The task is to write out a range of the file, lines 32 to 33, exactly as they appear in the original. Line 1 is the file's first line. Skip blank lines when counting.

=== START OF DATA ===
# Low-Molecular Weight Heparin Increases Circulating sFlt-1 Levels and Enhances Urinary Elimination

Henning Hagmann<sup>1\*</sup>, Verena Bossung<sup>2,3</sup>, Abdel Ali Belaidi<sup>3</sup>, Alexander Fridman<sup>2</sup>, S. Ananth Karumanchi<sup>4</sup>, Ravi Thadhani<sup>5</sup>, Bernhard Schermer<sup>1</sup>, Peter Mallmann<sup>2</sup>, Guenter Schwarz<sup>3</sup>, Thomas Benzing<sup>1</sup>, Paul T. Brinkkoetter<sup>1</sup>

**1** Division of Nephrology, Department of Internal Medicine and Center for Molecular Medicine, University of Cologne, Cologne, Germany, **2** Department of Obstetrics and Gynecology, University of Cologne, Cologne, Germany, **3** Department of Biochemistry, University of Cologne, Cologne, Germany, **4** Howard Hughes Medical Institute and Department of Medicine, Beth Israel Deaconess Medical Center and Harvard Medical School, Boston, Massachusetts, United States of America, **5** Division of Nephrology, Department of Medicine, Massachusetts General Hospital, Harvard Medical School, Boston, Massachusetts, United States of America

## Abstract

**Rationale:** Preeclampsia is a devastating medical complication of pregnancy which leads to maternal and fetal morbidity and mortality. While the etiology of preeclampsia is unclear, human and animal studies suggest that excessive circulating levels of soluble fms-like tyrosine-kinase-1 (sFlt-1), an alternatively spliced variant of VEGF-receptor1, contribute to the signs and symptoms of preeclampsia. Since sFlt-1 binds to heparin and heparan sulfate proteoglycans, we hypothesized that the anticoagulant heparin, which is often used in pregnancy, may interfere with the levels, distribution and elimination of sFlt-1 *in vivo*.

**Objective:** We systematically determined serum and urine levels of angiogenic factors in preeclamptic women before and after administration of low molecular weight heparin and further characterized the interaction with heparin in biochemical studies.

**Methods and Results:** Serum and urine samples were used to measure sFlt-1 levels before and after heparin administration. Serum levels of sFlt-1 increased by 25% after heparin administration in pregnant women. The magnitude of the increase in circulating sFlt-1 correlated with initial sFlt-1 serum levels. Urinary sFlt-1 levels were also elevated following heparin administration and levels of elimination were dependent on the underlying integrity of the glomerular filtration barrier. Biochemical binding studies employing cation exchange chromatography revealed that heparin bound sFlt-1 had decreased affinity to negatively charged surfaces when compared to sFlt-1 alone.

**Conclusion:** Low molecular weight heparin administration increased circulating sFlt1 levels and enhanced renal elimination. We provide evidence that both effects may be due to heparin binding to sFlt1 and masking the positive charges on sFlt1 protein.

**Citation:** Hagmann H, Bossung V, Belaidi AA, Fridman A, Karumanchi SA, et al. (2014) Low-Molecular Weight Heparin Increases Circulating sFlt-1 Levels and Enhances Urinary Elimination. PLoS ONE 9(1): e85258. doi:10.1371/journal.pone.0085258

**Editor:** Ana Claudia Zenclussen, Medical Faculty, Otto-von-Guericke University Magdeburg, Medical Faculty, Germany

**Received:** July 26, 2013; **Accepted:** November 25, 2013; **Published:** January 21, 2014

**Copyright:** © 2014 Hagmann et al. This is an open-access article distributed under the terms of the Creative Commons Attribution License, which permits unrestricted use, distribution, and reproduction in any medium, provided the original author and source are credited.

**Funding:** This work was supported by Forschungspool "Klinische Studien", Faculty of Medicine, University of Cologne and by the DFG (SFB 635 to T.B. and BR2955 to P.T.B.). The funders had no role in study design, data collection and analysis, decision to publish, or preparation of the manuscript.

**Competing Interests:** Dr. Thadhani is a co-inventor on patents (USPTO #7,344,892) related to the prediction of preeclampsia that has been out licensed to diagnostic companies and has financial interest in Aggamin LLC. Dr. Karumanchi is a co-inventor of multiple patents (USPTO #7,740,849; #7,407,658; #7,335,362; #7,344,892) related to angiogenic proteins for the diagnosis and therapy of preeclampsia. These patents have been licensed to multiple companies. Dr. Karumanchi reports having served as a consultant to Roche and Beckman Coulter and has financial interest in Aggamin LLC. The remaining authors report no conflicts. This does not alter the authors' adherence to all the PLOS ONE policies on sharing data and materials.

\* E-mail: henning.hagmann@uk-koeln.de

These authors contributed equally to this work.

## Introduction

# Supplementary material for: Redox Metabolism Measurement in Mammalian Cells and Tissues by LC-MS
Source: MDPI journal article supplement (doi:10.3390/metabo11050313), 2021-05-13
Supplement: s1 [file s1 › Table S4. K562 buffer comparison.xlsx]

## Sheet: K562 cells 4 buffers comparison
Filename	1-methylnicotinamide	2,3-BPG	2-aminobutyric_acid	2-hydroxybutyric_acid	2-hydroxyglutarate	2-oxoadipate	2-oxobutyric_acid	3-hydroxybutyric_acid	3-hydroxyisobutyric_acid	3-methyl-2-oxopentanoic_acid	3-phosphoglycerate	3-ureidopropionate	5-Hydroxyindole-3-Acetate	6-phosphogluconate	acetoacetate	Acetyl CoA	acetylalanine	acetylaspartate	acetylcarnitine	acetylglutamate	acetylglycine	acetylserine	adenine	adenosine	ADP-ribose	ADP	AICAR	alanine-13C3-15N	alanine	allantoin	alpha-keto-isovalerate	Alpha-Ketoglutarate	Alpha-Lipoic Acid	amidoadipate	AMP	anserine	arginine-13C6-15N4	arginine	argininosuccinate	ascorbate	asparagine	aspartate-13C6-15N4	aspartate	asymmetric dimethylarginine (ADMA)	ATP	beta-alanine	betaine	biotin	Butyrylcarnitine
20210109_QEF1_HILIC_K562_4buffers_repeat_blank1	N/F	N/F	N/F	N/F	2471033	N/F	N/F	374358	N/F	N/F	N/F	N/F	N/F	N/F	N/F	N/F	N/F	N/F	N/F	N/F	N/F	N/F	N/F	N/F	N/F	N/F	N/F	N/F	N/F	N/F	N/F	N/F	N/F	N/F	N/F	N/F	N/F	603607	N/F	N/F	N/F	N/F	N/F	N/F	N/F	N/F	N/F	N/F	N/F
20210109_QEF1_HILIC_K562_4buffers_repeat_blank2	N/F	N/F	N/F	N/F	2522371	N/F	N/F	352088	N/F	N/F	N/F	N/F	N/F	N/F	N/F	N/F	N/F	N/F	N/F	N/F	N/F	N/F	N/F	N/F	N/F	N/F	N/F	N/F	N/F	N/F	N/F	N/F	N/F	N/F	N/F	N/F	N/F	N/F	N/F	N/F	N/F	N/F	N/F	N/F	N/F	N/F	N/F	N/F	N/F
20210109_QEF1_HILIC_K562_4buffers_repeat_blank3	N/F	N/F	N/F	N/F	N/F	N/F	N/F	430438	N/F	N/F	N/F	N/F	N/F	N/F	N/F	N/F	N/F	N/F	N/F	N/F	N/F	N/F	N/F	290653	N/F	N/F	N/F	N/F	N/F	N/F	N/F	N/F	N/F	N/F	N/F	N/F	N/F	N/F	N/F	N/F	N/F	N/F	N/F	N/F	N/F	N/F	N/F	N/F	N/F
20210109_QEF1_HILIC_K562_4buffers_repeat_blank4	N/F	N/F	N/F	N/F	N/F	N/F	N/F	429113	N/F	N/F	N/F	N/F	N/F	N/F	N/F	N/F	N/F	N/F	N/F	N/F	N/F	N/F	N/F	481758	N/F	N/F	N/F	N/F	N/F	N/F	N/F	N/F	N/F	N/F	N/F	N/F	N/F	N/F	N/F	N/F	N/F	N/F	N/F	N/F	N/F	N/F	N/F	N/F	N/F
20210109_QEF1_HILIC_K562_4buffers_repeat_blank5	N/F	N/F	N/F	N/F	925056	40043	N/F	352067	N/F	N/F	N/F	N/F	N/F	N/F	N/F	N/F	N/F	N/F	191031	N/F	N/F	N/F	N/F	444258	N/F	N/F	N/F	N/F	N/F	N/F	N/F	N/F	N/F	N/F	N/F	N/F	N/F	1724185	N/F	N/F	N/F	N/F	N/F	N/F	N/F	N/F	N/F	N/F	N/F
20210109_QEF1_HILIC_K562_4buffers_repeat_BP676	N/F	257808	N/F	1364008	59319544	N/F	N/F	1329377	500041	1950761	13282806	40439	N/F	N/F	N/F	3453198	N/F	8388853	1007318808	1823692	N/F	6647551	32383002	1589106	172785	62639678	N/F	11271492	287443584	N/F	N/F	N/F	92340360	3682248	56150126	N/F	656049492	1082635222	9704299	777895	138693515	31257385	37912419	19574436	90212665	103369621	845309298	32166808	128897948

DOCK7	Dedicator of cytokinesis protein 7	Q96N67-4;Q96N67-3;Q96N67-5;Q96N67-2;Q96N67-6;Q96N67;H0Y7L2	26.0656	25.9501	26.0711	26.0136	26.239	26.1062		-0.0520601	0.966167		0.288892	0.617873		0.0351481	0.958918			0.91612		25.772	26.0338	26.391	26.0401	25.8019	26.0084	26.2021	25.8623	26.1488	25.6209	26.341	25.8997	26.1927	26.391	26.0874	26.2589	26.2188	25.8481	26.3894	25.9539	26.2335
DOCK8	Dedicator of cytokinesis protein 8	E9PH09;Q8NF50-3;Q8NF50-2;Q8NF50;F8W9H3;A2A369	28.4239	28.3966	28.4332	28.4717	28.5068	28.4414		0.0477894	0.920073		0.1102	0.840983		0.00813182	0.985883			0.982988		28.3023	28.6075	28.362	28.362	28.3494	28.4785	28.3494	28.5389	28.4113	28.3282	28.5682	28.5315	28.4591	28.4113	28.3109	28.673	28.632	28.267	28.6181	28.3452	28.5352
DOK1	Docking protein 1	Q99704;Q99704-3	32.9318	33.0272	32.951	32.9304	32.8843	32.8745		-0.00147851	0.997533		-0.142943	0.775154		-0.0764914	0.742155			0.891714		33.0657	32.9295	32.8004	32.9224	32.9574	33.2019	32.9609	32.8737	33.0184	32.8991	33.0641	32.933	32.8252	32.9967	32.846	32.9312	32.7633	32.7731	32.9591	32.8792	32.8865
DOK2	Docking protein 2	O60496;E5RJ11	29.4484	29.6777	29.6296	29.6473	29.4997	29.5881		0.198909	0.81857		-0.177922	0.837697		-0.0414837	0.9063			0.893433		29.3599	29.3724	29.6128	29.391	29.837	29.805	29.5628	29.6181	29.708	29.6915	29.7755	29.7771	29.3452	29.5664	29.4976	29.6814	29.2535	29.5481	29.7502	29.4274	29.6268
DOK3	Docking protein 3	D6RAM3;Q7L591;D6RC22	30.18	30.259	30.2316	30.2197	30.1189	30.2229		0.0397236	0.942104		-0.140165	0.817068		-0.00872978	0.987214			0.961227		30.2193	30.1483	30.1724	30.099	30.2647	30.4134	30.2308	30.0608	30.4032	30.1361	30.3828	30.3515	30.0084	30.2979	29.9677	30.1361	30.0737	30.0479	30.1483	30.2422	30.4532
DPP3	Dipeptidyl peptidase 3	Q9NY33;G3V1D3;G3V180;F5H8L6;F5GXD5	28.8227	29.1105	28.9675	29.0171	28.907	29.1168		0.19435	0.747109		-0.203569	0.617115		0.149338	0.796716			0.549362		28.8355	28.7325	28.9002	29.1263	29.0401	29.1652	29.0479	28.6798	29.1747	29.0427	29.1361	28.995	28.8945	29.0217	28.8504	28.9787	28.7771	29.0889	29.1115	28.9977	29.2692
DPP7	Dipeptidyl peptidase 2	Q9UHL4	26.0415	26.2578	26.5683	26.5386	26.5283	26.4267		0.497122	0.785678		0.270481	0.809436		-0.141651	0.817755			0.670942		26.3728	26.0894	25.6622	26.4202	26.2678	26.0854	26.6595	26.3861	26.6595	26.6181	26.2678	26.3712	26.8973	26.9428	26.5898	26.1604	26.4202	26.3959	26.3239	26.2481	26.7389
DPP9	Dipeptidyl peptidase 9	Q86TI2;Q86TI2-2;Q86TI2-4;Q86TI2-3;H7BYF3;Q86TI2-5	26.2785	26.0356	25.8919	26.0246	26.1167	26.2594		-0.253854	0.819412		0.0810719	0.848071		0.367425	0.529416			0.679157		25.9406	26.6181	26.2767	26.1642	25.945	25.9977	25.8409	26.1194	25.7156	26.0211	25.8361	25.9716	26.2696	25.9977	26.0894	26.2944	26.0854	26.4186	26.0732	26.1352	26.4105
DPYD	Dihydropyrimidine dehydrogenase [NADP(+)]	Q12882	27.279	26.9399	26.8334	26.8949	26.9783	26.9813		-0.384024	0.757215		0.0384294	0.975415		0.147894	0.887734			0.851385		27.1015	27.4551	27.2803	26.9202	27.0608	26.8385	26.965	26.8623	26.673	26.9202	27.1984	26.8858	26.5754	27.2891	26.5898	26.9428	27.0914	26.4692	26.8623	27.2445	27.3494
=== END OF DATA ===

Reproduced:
DOK2	Docking protein 2	O60496;E5RJ11	29.4484	29.6777	29.6296	29.6473	29.4997	29.5881		0.198909	0.81857		-0.177922	0.837697		-0.0414837	0.9063			0.893433		29.3599	29.3724	29.6128	29.391	29.837	29.805	29.5628	29.6181	29.708	29.6915	29.7755	29.7771	29.3452	29.5664	29.4976	29.6814	29.2535	29.5481	29.7502	29.4274	29.6268
DOK3	Docking protein 3	D6RAM3;Q7L591;D6RC22	30.18	30.259	30.2316	30.2197	30.1189	30.2229		0.0397236	0.942104		-0.140165	0.817068		-0.00872978	0.987214			0.961227		30.2193	30.1483	30.1724	30.099	30.2647	30.4134	30.2308	30.0608	30.4032	30.1361	30.3828	30.3515	30.0084	30.2979	29.9677	30.1361	30.0737	30.0479	30.1483	30.2422	30.4532